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Modest Mouse: The Golden Casket

There exists an “old” Modest Mouse and a “new” one. The latter was born from the catchy and more traditionally produced Good News for People Who Love Bad News and its smash hit “Float On,” which is one of the best alt-rock songs of the 2000s. Though the group’s subsequent albums have been more commercial and straightforward than their earlier masterpieces, most of their post-Good News music has stayed true to the strengths of their roots, largely revolving around Isaac Brock’s eccentric vocals bending around cheekily existential one-liners.

Though it doesn’t touch the originality of albums like The Lonesome Crowded West, Modest Mouse’s seventh studio LP The Golden Casket is their strongest since Good News. The record opens with the gritty “Fuck Your Acid Trip,” a restless intro about spinning out on a bad trip. An Arcade Fire-esque pounding and distorted guitar riff intensely complement Brock’s panicked “I have to go right now.” Many of Modest Mouse’s best songs have been about the struggle to get out of your own head, whether it be in the context of the universe or the drag of everyday life, and The Golden Casket’s opener adds psychedelics to this catalog.

“We’re Lucky” brings back the universal scale of The Moon & Antarctica as Brock delivers the latest of his great lines, “It takes a lifetime to ever figure out that there/ There ain’t no lifetime that’s ever figured out.” A lonesome guitar line walks over a steady groove that slowly builds with trumpets as Brock finds solace in acknowledging the miracle of existence without trying to understand it. This and the whiskey-drunk “Wooden Soldiers” harken back to Modest Mouse’s early days, the latter haunted by the crooning of a Wild West ghost and a rattling that evokes the typing of the song’s businessmen choked by their neckties. As the song ushers in a sleepy outro, Brock again expresses a newfound contentment with his place in the universe: “Just being here now is enough for me.”

Elsewhere, The Golden Casket offers exciting new avenues for the band. The immersive, glitchy “Transmitting Receiving” infuses OK Computer’s technology paranoia with Modest Mouse’s classic oddball levity as Brock rattles off a stream-of-consciousness bout of information overload: “Blinds, struts, beaks, shocks, tornados, crockpots, kumquats.” Beyond the sanity check that Isaac can still get away with words like “kumquat” in his songs, the track is mesmerizing and unconventional in its layered vocals and its structure that dramatically builds to a fade-out with no release. Meanwhile, the irresistible “Leave A Light On” is a counterpart to David Byrne’s “Everybody’s Coming to My House” with Brock marvelling at his friend’s house after a year of quarantine over a collage of Talking Heads-inspired effects.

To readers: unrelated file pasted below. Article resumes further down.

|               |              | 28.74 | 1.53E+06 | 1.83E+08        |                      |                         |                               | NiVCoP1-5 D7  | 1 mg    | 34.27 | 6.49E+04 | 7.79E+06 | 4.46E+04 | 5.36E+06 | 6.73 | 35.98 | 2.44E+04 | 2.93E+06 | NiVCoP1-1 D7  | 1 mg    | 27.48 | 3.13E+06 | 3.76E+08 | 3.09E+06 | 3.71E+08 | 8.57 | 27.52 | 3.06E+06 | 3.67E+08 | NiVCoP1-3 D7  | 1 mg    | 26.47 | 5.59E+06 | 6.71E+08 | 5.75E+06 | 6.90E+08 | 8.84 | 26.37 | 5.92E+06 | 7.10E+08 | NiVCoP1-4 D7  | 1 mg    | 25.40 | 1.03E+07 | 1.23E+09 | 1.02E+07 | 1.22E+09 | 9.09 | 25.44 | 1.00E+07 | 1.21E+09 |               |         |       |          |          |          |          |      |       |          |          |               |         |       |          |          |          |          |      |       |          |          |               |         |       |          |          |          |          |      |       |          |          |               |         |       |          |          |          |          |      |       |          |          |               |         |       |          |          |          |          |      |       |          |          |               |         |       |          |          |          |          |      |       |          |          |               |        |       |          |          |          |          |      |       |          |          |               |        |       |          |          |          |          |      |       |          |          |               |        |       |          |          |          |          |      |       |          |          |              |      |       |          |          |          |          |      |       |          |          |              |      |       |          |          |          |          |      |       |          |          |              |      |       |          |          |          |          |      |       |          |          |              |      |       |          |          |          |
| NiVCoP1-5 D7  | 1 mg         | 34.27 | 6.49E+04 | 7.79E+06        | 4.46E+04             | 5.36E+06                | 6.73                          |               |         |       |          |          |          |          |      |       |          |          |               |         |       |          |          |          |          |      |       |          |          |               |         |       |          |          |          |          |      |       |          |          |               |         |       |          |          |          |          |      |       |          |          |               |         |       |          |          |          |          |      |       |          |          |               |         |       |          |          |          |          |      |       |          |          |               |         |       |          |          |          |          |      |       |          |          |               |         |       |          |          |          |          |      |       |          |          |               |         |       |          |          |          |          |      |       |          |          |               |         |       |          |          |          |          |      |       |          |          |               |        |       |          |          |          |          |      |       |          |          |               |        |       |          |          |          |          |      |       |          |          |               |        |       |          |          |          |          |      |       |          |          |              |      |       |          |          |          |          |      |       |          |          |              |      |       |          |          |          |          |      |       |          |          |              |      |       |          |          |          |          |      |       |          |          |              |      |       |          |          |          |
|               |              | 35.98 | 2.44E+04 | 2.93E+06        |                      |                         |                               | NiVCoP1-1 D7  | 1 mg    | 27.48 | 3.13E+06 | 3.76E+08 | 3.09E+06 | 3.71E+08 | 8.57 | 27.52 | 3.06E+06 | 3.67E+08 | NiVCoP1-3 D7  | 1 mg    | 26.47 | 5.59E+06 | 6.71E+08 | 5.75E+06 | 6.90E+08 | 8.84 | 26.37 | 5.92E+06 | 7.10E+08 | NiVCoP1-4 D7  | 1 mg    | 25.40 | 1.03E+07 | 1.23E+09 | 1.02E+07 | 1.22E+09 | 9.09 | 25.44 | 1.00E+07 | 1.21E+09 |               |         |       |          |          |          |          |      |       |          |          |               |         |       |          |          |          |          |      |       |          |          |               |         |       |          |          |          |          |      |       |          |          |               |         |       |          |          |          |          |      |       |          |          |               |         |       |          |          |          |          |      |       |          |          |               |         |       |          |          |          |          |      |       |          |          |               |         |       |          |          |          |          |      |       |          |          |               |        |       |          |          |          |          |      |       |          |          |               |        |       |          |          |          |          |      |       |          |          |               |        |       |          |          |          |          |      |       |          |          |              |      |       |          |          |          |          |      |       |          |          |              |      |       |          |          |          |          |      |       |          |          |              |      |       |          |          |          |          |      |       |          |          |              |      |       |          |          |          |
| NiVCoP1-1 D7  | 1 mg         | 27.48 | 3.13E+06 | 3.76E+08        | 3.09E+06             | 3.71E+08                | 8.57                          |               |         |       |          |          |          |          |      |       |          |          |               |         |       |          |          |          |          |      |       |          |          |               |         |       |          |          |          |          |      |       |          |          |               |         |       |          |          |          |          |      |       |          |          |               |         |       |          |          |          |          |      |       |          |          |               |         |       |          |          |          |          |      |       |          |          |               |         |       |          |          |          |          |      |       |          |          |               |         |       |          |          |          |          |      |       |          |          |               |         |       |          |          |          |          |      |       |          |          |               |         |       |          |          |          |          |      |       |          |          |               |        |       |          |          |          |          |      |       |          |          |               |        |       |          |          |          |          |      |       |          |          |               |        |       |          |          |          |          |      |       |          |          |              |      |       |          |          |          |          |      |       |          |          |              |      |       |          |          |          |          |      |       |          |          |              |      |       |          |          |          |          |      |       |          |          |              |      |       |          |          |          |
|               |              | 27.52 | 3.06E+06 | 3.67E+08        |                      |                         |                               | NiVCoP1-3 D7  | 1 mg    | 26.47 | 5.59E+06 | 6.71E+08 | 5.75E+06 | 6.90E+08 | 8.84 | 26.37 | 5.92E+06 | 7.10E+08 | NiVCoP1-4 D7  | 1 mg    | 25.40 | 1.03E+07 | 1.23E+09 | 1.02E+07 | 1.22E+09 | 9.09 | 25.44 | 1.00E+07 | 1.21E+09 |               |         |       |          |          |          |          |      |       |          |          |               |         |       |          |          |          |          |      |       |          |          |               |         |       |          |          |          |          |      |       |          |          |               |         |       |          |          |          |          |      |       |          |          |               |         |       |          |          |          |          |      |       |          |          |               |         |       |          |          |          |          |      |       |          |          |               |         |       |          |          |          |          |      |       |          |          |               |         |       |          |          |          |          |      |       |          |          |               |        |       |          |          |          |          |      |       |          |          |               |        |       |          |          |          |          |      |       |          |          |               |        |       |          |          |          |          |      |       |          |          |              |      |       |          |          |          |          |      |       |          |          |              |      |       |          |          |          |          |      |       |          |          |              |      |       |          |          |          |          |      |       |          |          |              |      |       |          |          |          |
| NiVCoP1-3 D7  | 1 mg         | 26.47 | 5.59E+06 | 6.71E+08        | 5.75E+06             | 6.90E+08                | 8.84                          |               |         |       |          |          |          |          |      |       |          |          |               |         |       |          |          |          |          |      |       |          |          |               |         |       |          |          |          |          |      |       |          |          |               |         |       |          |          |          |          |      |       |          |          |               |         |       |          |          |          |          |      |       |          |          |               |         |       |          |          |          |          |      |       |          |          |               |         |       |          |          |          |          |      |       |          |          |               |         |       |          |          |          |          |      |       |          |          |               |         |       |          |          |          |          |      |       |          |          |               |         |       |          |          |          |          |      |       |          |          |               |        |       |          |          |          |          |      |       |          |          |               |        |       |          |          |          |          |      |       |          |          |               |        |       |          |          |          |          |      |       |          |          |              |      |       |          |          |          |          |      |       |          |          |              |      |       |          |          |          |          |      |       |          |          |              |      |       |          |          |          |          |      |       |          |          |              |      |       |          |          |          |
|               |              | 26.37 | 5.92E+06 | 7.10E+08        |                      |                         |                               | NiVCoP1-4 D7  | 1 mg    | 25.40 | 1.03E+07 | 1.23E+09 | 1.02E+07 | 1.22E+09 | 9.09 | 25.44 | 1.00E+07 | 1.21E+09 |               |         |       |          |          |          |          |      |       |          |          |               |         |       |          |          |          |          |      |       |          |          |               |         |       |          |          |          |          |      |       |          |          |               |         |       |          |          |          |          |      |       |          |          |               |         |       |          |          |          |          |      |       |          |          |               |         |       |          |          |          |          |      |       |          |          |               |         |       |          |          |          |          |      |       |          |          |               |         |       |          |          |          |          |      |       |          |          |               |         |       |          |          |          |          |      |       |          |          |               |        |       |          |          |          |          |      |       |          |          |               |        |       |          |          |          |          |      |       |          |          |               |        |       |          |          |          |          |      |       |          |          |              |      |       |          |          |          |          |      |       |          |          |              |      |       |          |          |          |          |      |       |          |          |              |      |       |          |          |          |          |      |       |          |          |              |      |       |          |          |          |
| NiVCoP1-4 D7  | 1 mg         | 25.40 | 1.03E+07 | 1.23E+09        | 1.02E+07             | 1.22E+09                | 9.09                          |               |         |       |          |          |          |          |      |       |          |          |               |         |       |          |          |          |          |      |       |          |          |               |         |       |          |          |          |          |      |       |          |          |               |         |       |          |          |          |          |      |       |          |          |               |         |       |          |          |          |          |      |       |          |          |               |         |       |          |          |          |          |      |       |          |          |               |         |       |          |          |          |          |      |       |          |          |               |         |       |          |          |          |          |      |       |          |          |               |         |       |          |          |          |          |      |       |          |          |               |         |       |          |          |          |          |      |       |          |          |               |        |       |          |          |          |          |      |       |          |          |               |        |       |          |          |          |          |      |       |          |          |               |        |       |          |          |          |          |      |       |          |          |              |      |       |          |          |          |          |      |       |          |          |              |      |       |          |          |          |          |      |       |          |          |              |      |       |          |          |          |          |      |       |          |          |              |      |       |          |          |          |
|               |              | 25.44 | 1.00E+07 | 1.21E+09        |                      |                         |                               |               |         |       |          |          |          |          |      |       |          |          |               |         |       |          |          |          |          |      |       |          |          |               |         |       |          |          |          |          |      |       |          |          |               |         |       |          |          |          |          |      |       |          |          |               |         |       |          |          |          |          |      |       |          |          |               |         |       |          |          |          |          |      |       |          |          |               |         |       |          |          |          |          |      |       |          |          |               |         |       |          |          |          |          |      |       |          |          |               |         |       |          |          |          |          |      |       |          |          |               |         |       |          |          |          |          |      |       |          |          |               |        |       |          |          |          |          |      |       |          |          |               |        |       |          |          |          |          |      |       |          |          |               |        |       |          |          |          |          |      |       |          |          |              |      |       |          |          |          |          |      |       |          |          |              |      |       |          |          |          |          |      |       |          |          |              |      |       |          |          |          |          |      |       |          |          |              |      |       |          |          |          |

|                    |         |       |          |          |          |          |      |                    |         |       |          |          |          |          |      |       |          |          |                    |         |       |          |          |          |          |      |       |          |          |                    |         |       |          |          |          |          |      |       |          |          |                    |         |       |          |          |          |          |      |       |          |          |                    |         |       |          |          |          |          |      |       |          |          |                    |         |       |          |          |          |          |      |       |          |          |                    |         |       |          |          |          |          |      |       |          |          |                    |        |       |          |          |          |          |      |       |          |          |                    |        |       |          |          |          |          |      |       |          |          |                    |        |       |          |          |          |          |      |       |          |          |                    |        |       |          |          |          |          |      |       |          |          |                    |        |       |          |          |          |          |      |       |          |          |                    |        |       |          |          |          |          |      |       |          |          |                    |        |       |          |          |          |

The Golden Casket is also refreshing in its consistency, the first Modest Mouse album in too long without a dud. The record’s weakest points are a bit unexciting and forgettable rather than offensive, still managing to fit snugly into the tracklist. Lead single “We Are Between” features generic ‘80s new wave guitar—clearly carried over from Johnny Marr’s days with the band—and a shout-along chorus we’ve heard countless times. “Lace Your Shoes” is more memorable for its sweet lyrics, but the sentiment is somewhat lost in overproduction. There isn’t an acoustic guitar to be found on the record, and it’s sorely missed on this heartfelt ode to Brock’s kids.

For the record, the appropriate response to a budding fan who only knows Modest Mouse’s new stuff is “these albums are great, and if you like them then you will love their first few records.” This can certainly be said for Isaac Brock and co.’s seventh album. The Golden Casket is the sound of a band reinvigorated, enthusiastically exploring new styles while calling back to the elements that made their early work so groundbreaking.

The Golden Casket is the sound of a band reinvigorated, enthusiastically exploring new styles while calling back to the elements that made Modest Mouse’s early work so groundbreaking.
75 %
Indie Legends Reinvigorated

One Comment

  1. Ryan Nickell

    July 12, 2021 at 11:46 am

    Love the review. Great album that feels like Modest Mouse is back better than ever and ready to continue innovating. One quick note though, I’m pretty sure there is acoustic guitar on the chorus of Fuck Your Acid Trip.


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